"A case about tobacco sponsorship is never simple. There are no guarantees that you win in court, where tobacco lawyers often sow doubt by citing all sorts of general laws," he said.

Other tobacco companies have previously also sponsored EU-focused news media.

In fact, in the same week that BAT 'supported' Politico, the editorial team of the news website published an article highlighting it as a trend: Big Tobacco moves back into advertising.

Tobacco-sponsored transparency event

On 6 December 2018, the Parliament Magazine held an event in the European Parliament which was supported by Japan Tobacco International (JTI).

Van den Meerssche confirmed to EUobserver that the Belgian inspection service has started an investigation into the sponsorship of that policy event.

In a comment sent by email, JTI denied it violated the tobacco advertising directive.

"Our support of the Parliament Magazine's 'Transparency and Better Regulation' event held at the end of last year in no way contravened Directive 2003/33/EC, as it was not aimed at, and in fact did not, directly or indirectly promote a tobacco product - the event was an open debate focused solely on transparency and better regulation at EU level," said Ben Townsend, head of EU affairs at JTI in Brussels.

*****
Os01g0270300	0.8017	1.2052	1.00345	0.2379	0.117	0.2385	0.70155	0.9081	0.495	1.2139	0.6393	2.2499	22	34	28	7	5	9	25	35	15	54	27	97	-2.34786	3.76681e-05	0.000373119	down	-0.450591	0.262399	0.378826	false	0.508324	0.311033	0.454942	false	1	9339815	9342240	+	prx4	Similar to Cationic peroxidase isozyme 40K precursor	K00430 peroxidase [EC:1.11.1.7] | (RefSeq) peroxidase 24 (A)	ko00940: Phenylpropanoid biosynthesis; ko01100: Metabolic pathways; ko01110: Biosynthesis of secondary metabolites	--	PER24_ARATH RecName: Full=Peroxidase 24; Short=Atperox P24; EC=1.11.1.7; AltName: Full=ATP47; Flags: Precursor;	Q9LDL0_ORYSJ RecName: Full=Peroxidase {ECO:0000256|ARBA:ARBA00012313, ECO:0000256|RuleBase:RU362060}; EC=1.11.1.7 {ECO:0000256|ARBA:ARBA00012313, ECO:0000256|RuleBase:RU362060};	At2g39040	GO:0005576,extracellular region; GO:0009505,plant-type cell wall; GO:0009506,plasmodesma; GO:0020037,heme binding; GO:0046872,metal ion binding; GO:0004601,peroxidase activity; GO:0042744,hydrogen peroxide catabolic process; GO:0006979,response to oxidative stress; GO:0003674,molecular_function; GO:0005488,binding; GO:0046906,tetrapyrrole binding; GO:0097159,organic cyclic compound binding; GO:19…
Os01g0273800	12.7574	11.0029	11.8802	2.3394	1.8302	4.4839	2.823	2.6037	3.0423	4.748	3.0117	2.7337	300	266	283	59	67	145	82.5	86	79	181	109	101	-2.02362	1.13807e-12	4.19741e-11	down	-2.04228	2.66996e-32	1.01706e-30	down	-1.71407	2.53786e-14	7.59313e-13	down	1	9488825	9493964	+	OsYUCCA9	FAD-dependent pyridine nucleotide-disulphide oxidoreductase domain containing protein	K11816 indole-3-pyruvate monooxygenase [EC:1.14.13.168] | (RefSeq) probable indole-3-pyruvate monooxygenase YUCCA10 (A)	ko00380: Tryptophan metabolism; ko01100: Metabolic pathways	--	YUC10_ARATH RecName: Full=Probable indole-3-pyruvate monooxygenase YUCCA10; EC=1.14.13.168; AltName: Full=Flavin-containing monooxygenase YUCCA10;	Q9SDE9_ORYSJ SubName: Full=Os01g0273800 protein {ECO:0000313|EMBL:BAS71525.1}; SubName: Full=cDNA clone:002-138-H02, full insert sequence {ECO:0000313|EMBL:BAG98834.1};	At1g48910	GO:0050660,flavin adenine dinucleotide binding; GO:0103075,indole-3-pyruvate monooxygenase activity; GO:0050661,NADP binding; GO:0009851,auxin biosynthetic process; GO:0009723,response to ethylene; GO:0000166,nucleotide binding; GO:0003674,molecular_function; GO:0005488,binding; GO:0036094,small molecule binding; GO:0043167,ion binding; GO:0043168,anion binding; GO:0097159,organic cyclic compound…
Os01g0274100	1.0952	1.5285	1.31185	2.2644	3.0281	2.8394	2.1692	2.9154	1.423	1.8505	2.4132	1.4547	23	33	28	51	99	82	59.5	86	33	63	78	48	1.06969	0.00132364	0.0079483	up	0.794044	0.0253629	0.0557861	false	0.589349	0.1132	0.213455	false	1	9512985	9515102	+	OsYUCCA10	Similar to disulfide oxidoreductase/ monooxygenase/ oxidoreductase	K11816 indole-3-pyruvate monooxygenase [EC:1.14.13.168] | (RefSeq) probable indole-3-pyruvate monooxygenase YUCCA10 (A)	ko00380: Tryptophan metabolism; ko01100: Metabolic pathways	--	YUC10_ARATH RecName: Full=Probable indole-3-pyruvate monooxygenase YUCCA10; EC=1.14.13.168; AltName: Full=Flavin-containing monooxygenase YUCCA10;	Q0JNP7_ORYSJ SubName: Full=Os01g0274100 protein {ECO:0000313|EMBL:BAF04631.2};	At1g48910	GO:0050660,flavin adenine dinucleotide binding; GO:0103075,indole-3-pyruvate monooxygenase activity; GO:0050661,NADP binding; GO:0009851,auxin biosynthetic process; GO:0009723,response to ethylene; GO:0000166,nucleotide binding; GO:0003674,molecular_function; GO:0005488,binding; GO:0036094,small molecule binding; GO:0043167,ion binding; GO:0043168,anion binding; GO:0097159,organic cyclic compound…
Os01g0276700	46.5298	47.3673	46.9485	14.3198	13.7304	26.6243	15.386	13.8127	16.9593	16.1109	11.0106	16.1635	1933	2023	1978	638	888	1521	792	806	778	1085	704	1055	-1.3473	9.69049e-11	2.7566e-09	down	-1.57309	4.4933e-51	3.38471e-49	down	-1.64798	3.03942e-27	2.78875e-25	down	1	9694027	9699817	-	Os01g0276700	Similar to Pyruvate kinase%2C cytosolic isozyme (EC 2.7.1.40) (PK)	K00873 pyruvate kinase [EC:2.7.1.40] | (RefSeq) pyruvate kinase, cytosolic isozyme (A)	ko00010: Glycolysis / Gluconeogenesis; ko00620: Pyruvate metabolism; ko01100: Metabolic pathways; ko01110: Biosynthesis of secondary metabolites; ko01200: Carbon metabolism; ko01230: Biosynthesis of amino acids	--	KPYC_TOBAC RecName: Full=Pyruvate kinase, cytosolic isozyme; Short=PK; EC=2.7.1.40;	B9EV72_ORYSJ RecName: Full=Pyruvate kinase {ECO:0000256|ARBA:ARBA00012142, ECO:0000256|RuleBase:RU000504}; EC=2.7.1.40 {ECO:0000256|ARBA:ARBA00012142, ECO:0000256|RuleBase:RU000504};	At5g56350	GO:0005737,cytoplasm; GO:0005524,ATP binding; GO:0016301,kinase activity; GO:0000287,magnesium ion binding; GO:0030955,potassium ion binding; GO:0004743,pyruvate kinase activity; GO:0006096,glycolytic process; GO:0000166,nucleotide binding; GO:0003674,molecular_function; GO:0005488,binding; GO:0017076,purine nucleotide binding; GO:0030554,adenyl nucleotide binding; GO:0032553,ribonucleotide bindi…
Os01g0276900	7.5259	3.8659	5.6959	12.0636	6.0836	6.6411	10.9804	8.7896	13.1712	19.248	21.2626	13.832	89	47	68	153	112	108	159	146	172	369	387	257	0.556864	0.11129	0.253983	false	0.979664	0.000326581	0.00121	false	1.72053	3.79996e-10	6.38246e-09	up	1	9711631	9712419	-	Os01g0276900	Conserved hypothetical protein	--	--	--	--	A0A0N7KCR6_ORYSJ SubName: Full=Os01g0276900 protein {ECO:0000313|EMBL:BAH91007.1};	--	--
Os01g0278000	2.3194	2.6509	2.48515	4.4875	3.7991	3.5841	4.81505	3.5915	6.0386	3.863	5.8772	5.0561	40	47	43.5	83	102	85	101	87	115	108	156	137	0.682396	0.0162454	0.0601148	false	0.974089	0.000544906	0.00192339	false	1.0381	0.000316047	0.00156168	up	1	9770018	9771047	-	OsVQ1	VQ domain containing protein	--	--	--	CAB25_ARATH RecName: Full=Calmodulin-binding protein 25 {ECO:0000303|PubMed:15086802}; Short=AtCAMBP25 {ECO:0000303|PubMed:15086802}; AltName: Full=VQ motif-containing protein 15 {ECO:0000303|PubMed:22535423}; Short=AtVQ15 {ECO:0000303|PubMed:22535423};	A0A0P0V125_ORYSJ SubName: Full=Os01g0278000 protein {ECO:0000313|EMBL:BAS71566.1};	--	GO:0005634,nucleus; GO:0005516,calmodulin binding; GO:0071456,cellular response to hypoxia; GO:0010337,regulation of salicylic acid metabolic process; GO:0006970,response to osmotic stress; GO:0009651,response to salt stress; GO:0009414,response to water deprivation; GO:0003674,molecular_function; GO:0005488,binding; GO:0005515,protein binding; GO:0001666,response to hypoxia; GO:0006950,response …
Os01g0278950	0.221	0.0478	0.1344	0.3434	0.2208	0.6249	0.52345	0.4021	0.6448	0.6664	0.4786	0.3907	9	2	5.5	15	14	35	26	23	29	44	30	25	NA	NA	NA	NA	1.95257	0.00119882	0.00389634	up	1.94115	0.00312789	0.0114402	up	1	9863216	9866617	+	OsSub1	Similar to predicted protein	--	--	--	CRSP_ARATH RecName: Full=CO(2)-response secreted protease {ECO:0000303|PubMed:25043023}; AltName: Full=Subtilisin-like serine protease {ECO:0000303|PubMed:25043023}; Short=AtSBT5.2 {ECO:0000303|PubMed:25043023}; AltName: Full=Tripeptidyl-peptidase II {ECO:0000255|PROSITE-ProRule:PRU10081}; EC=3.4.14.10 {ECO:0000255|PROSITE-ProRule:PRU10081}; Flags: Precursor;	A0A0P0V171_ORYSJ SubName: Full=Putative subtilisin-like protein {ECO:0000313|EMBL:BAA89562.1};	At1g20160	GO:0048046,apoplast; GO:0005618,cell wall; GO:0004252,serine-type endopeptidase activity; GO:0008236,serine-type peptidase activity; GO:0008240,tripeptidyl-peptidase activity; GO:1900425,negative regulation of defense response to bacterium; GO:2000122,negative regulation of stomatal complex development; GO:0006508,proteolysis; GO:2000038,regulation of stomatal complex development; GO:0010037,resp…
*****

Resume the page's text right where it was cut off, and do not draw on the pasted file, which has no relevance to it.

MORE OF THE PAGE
That event in the European Parliament was hosted by Sajjad Karim, a British Conservative MEP who failed to get re-elected at the May elections. He did not respond to a request to comment.

Neither did the Parliament Magazine or the Society of European Affairs Professionals (SEAP), which co-organised the event supported by JTI.

SEAP, a federation of lobbyists, has several members from JTI.

Lobbyist 'distrust'

JTI's tobacco lobbyist Townsend was also present at the event, where according to an article published in Parliament Magazine, he said there was a "climate of distrust" towards lobbyists.

Townsend stressed that lobbying was an important part of democracy, a point he also made in a video that was published a few days later as promoted content on Euractiv, another news outlet with a focus on the EU.

But the EU has acknowledged in international forums that the tobacco industry is fundamentally different from other types of companies, and that governments and policy-makers should take great care before taking any advice.

"The tobacco industry produces and promotes a product that has been proven scientifically to be addictive, to cause disease and death and to give rise to a variety of social ills, including increased poverty," said a document adopted in 2008 in the context of the WHO convention on tobacco control.

"Therefore, parties [to the convention, i.e. including the EU] should protect the formulation and implementation of public health policies for tobacco control from the tobacco industry to the greatest extent possible," it said.